Plus, the usual taking things apart and putting them back together (with varying success) and playing with Lego Technic has really helped me understand how things work. I still do these things, and occasionally use Lego, as it’s a great prototyping tool for basic mechanisms. Being able to fix things also helps prevent problems and save lots of money on garage bills.

What is your best creation to date?
Again, it’s difficult to pick just one; it’s like asking a parent to choose which is their favourite child. Due to the nature of my work, there are a lot of projects I can’t discuss publicly to protect any intellectual property rights. The timescale of many projects also means that some of my best work that I did early in my career still hasn’t quite made it to market for reasons such as financing or sourcing. So the things I really want to talk about, I can’t as I am sworn to secrecy.
Of the things I can talk about, I guess the plywood furniture on my website. It is CNC cut very economically from plywood, and assembles by hand without screws, nails, or glue. I have been working on getting this to market in my spare time, have been through prototyping, and am currently in the process of sourcing the right manufacturer.
There are lot’s of smaller half a day projects that I really love, and often post them on my tumblr blog on my website and twitter.

 

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You also do 3D printing – what do you see as the future for 3D printing?
3D printing is a hotly debated and very misunderstood piece of technology. What a lot of people don’t realise is that it has been around for over thirty years, but it’s only recently that it has become cheap enough to reach the consumer.
Right now, its most popular use is in the production of one-off bespoke components, such as prototypes, and also short run batches. I don’t think that will change any time soon until the cost comes down. Compared to traditional mass manufacturing processes, it is vastly slower and more expensive.
Where consumers are concerned, I think it will remain within the realm of the hobbyist as far as designing things, and owning/running the machines are concerned, just because of the technical knowledge required. However, there is a growing market for 3D printed jewellery and other such objects online – expect to pay a premium though, especially for items that aren’t plastic.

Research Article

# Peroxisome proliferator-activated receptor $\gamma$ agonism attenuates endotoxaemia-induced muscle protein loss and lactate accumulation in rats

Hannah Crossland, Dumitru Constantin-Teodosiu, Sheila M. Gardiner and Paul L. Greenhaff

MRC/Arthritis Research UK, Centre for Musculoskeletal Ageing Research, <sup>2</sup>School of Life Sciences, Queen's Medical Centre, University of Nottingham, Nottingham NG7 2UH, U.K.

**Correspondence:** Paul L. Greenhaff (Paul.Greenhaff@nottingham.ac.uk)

Within industry, there is already work into 3D printing tissue for organs, skin grafts, and reconstructive tissue. Plus 3D printed prosthetics have been around a while, are already cheaper than traditional hand-made prosthetics, and are only getting cheaper. Lots of high performance parts for things like race-cars and the new Bloodhound land speed record vehicle are also 3D printed. All this is carried out on machines that cost hundreds of thousands of pounds, if not millions.
There is definitely a global push towards a machine that could 3D print an entire product made of different materials and complete with electronics all in one go. There is a printer in development that prints simple plastic products with a basic circuitry.
Housing too! A Chinese company have already printed houses for a fraction of the cost and time of traditional house building. They look just as good too.
The only limit to 3D-printing at the moment is technology and cost. There are some big companies working on some very big ideas.

You mentioned that you share a studio with another guardian who builds drones. Do you think the scheme allows people to pursue projects they might not be able to?
As long as you play by the guardian rules, absolutely! Financially, if I wasn’t a guardian, I wouldn’t be able to afford to rent a home and a work space, so it has definitely enabled me to pursue my career and develop my business.
Realistically though it depends on the individual, what they do, and the building.
When my company is more successful and I can afford to buy or lease my own live/work unit I definitely will. There are a lot of things I can’t do here that would really help my business that I could do if I owned my own place. But for now, so early in my career, while I have few responsibilities, it’s ideal.

See Ben’s work at www.FreshDW.uk and follow him on twitter at @FreshDW_